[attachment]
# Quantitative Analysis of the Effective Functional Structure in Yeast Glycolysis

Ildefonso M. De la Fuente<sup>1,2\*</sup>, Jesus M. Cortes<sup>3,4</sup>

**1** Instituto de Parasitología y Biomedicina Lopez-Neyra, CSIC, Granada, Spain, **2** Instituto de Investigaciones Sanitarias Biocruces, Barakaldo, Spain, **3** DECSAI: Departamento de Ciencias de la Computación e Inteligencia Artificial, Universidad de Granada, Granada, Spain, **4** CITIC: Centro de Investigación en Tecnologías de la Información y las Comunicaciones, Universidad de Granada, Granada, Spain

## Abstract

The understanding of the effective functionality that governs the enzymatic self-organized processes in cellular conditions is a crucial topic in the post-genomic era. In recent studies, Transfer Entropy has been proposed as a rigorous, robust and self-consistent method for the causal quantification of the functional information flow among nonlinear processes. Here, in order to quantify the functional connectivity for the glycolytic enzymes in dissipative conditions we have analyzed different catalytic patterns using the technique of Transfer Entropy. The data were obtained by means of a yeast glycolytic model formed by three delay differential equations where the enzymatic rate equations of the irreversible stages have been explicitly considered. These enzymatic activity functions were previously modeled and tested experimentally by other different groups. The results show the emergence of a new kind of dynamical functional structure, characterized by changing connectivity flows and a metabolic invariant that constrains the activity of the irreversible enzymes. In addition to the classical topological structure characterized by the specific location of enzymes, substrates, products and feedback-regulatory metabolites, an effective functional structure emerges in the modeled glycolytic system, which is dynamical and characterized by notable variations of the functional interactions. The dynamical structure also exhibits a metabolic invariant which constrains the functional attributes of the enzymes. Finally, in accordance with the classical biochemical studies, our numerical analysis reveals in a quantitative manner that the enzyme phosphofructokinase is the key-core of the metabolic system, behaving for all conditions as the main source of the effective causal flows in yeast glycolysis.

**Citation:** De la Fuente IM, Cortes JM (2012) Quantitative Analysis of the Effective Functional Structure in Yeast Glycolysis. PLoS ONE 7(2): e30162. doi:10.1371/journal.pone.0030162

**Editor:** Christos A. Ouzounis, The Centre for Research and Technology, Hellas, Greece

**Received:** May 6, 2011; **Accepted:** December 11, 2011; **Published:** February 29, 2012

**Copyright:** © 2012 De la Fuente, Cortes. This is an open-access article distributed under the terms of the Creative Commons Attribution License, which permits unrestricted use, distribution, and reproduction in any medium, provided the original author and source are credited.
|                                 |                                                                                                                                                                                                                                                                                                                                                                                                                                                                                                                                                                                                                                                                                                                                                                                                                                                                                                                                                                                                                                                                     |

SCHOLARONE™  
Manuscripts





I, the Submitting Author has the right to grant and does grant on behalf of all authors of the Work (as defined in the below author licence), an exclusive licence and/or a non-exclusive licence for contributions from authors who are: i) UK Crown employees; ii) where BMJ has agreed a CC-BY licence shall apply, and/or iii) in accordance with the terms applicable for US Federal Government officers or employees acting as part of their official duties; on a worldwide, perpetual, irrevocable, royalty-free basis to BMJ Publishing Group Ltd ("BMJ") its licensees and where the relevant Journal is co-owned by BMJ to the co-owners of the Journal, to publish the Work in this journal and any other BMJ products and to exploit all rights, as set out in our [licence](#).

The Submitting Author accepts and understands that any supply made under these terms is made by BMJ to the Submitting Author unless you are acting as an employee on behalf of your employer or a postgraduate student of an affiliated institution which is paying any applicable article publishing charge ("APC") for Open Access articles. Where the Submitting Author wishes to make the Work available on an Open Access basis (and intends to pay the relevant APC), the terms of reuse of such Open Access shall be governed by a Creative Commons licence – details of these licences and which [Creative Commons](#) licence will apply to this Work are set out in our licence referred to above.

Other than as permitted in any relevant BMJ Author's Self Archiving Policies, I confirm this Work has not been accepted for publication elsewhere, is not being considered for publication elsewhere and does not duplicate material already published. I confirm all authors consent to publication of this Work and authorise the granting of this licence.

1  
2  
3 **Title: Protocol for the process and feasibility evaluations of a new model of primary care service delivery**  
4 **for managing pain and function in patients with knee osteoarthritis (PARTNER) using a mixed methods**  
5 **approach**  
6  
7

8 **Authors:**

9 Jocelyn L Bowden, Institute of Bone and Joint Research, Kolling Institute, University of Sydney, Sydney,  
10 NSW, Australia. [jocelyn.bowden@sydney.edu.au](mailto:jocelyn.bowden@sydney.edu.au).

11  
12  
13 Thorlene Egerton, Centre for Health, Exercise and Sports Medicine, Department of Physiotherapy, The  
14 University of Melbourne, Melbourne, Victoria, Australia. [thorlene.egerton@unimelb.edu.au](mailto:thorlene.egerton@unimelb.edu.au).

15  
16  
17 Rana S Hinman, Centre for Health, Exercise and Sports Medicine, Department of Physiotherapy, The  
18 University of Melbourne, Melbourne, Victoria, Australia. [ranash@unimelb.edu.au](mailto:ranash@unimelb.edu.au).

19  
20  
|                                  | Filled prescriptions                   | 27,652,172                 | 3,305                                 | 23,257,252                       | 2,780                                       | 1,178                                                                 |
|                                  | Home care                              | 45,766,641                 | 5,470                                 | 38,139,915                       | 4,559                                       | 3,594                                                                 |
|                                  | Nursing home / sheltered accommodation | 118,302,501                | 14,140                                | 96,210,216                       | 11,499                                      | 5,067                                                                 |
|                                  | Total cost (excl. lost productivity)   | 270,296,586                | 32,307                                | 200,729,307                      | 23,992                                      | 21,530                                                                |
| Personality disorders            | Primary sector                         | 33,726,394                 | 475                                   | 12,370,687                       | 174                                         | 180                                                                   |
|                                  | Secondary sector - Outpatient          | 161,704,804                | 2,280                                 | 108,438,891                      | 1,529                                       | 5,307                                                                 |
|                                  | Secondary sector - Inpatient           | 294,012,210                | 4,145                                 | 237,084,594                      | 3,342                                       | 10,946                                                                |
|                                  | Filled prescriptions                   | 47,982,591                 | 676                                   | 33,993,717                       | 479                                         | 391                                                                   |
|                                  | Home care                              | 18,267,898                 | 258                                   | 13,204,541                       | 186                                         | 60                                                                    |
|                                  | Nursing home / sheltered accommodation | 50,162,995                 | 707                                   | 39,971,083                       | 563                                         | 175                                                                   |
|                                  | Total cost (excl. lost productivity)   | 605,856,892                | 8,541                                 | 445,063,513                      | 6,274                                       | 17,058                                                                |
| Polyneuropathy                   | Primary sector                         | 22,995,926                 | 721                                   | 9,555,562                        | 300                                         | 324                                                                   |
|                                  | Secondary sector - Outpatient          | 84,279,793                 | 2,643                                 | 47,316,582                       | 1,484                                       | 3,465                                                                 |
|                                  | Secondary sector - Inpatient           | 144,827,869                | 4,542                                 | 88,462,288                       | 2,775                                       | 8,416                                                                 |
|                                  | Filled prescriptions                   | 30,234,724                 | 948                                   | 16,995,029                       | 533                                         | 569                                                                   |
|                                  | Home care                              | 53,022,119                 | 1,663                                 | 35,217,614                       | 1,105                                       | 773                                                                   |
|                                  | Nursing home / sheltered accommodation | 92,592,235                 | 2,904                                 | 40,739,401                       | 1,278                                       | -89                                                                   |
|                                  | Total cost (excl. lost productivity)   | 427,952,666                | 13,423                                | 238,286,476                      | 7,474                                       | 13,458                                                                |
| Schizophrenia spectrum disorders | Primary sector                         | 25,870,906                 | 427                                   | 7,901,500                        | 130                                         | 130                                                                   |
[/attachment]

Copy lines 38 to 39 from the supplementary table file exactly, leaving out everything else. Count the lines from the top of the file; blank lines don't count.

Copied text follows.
|                                  | Nursing home / sheltered accommodation | 118,302,501                | 14,140                                | 96,210,216                       | 11,499                                      | 5,067                                                                 |
|                                  | Total cost (excl. lost productivity)   | 270,296,586                | 32,307                                | 200,729,307                      | 23,992                                      | 21,530                                                                |